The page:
A planned 2020 bond won’t appear on the ballot until at least 2022, the Alpine School District Board of Education agreed Aug. 11.

“I feel this is not the right time to ask voters to approve a bond,” Scott Carlson, the president of the board of education, told the board during its August meeting.

Instead, the board voted to increase its tax levy, which would generate about $6 million a year to help pay for hiring additional teachers in an attempt to lower class sizes. 

The motion passed with a 6-1 vote, with Julie King voting against it. 

The vote placed the tax rate at .0068, which would lead to an annual tax increase of $37.40 a year for a $350,000 home and an increase of $69 a year for a business of the same size. 

Board members, who voiced hesitancy toward the move, said the increase was necessary to avoid losing $10 million in state funding tied to a district keeping its rate above a certain threshold. 

“We are dancing on that floor right now, and I am really, really concerned about that,” Amber Bonner, a member of the board, said. 

Several attendees provided public comment on the increase during a Truth in Taxation hearing, with the majority of people speaking against it. Comments centered around being against the idea of property taxes in general and anger at increases in their homes’ valuations.

Stephen Phelps, a teacher, urged the board to increase taxes. Low per-pupil spending has left the state without flexibility, he said, and the educational system is being strained due to COVID-19. 

“These issues we are debating now about the pandemic are being addressed because we have underfunded our education system,” Phelps said. 

Phelps said teachers should not be spending their own money on classroom supplies, which he said many currently do. 

Christopher Forbush, from Saratoga Springs, said the COVID-19 pandemic has meant he won’t receive a raise this year. He said that if he has to make budget cuts, the district should, too.

“If we are trying to get money into teachers’ pockets, apparently raising taxes isn’t a way to do it,” he said.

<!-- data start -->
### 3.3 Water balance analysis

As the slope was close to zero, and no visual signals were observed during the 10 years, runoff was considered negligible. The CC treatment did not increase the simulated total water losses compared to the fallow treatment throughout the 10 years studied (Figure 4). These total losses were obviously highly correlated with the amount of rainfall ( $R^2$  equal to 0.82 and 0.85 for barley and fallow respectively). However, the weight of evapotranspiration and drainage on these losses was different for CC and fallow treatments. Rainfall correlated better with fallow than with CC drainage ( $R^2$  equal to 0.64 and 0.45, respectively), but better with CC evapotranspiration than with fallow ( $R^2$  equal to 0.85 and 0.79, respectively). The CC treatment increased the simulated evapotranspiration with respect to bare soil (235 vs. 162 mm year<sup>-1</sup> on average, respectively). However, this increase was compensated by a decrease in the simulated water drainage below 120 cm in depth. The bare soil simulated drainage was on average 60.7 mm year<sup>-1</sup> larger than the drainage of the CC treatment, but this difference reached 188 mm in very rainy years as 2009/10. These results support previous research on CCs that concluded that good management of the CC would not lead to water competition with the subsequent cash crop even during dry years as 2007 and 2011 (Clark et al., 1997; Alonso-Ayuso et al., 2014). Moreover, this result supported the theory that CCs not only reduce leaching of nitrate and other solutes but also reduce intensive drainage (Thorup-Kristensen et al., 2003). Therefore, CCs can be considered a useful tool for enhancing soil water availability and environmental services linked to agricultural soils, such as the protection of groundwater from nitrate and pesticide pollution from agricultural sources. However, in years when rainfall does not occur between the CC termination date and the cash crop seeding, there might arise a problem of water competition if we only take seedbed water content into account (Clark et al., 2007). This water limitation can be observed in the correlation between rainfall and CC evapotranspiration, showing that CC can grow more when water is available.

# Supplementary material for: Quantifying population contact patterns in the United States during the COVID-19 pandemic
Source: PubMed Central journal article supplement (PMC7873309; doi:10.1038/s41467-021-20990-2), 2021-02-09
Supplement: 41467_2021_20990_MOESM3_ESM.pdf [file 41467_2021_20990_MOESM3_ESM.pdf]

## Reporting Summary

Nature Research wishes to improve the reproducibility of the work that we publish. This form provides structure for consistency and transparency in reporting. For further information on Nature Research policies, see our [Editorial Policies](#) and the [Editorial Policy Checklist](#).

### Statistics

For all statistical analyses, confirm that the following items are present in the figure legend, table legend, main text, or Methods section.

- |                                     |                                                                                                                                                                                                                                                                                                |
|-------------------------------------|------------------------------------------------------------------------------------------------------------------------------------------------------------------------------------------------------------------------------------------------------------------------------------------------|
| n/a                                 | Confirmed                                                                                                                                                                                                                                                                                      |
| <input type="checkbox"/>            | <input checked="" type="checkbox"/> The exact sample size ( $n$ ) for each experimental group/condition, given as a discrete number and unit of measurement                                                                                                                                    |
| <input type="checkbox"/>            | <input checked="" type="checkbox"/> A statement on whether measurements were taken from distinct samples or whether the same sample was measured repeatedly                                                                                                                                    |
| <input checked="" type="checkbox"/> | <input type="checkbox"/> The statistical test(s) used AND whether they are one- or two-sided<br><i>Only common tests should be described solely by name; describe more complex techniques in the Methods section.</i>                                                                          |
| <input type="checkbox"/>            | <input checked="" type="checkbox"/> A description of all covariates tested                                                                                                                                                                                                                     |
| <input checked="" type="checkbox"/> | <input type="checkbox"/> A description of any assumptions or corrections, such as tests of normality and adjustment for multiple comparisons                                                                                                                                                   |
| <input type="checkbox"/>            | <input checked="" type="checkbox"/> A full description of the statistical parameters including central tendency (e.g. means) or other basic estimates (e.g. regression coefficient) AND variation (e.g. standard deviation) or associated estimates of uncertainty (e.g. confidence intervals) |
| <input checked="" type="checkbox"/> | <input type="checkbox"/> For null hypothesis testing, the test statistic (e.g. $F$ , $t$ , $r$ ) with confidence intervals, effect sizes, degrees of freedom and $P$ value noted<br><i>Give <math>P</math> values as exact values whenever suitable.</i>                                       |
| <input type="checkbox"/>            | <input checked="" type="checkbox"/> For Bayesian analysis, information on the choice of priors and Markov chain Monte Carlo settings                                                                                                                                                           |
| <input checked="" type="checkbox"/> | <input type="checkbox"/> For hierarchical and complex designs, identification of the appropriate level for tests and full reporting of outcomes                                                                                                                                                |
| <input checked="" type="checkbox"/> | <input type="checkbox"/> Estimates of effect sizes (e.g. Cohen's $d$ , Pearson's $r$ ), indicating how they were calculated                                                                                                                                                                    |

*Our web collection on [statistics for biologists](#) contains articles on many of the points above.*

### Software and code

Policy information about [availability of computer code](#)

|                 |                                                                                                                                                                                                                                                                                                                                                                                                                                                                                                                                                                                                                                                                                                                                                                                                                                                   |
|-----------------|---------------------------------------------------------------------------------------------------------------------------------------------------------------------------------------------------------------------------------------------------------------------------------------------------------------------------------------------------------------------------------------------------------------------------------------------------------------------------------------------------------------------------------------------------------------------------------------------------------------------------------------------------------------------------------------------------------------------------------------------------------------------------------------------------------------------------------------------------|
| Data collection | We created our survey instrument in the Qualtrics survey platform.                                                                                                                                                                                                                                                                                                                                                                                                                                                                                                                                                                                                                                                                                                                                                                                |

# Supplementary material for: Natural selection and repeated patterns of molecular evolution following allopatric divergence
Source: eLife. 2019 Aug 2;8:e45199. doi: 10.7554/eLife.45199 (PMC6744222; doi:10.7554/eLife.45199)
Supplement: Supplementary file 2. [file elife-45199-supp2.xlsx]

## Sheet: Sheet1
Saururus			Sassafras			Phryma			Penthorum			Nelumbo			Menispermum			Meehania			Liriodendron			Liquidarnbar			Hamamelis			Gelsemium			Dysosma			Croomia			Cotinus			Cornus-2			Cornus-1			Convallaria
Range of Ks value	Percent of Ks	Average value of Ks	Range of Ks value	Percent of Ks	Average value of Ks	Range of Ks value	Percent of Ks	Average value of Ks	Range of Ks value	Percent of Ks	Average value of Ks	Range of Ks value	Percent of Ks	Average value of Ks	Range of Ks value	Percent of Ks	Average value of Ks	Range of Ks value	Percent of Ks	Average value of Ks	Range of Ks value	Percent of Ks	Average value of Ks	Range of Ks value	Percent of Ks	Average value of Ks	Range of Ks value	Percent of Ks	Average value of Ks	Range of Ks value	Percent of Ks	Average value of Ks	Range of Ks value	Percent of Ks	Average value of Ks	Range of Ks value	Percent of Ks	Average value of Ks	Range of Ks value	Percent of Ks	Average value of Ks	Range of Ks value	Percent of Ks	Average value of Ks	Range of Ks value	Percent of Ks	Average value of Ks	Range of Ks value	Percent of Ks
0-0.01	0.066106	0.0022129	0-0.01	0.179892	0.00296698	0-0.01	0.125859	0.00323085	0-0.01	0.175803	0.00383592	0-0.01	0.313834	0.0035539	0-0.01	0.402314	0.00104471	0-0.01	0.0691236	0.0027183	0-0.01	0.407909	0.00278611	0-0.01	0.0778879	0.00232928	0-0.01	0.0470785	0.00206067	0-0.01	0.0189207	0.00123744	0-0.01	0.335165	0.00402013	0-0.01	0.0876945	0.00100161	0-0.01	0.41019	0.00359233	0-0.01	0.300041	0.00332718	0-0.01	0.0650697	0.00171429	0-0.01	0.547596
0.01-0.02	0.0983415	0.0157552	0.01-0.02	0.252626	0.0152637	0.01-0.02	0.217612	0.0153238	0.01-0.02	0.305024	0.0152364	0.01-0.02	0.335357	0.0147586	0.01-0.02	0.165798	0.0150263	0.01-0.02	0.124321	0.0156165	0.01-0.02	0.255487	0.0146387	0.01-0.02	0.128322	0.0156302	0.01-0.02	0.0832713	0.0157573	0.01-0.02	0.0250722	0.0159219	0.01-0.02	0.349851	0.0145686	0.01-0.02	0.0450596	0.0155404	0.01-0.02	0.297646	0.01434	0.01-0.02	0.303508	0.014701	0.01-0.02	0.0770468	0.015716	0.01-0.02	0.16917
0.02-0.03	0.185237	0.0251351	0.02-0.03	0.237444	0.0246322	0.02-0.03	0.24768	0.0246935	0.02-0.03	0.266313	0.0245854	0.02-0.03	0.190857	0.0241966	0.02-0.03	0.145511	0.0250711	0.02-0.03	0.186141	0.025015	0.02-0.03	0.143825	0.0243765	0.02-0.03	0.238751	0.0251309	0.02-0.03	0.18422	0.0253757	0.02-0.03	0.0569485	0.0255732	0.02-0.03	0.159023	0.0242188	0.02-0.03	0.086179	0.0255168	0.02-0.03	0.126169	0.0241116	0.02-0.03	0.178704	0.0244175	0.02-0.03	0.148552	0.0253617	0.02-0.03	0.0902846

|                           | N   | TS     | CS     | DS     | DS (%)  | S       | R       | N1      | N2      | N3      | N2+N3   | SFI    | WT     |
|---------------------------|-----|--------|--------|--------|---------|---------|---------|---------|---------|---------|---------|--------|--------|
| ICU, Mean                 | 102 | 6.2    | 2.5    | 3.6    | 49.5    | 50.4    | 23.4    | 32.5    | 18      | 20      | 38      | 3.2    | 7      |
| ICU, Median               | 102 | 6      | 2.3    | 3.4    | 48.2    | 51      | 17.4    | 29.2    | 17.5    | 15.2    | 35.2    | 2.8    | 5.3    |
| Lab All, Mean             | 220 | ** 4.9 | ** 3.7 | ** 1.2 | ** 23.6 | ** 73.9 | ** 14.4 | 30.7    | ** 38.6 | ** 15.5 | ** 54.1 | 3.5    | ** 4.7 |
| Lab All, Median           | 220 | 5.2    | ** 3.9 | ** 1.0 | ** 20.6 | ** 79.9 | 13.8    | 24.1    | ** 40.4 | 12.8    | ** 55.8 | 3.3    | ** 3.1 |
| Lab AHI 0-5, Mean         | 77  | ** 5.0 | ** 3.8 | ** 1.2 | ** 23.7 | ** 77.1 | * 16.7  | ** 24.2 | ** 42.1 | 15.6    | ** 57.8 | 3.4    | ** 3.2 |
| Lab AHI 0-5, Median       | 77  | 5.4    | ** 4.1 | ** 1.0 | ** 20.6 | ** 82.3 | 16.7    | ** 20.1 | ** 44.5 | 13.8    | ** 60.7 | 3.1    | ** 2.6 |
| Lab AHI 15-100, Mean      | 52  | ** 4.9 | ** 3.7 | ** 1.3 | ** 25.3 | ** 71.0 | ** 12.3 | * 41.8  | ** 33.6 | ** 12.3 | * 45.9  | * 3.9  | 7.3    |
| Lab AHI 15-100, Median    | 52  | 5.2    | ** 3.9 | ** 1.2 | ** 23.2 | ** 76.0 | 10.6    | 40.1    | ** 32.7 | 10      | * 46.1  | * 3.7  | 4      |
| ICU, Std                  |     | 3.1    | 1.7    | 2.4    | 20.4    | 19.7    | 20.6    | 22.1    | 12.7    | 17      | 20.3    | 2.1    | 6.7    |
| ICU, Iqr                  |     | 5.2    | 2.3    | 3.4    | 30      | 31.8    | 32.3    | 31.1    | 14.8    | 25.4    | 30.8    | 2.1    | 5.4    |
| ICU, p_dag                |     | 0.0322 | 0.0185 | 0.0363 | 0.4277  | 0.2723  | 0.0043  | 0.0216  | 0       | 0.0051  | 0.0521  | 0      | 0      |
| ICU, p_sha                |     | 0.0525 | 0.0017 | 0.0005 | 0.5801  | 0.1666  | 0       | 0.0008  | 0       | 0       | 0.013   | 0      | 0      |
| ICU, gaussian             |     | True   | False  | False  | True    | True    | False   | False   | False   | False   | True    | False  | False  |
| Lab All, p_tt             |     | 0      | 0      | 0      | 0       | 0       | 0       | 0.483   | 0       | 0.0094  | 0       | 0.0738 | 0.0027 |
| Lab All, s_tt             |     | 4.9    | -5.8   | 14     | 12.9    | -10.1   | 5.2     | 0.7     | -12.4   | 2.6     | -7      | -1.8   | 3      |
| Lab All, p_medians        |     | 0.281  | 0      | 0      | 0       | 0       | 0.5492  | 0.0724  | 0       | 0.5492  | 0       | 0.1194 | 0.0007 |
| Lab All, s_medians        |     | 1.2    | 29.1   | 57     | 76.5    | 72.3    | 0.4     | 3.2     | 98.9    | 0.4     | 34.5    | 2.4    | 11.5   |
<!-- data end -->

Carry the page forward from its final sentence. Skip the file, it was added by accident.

Others said new schools are too expensive, with Bob Anderson referring to them as “monuments.” He pointed to portable classrooms as a less-expensive option. 

“What’s wrong with that?” the Pleasant Grove resident said. “They have air conditioning, they have everything. But some of these schools have such high standards…the churches aren’t as good as these schools.”

Anderson said Abraham Lincoln studied by a fireplace and said that if teachers want a higher salary, they could get a different job. 

District Superintendent Sam Jarman responded to concerns by stating that renovation projects have been done to meet modern seismic standards.

“Unreinforced masonry does not keep kids safe,” he said. “We are trying to methodically take care of these types of renovations and rebuilds, in addition to also taking care of the growth that we are experiencing in this part of our state,” added Jarman.

Schools are built to last 50 to 70 years, he said, which means that more expensive materials are used to make the facilities usable for longer periods.

The board had planned in previous months to vote during the August meeting whether to approve a bond to be placed on the fall ballot. Initial surveys in the spring showed community support for a bond that would be used to help manage enrollment in the growing district. That support, the district worried, may have decreased due to economic conditions during the COVID-19 pandemic. 

Shane Farnsworth, an assistant superintendent, recommended the property tax increase over a potential $500 million bond. 

Regarding the tax increase, Farnsworth said, “ there are benefits and there are consequences, and after weighing both, we believe the benefits will outweigh the consequences.” 

He said community feedback found support for online courses, boundary announcements, consolidations, grade reconfigurations and an expanded school day as ways to manage growth. The district also found that voters were more likely to support a bond if it outlined specific projects and minimized its tax impact. 

The meeting’s agenda listed the potential bond as a discussion item, and no vote occurred on it. The board did not discuss a price tag for a bond, or which projects it would fund.

Julie King, a member of the board, said that the two-year delay would mean the earliest an elementary school funded from the bond could open is 2024.

“I am concerned that this is a huge risk, and I am not a risk-taker in general,” she said. 

A delay, she said, disproportionally impacts the district’s west side, where the majority of the recent growth has occurred. She said there are already limited options for solutions like boundary changes due to many elementary schools already surpassing 1,000 students. 

“My concern is that this doesn’t give us enough wiggle room if we don’t bond,” King said.

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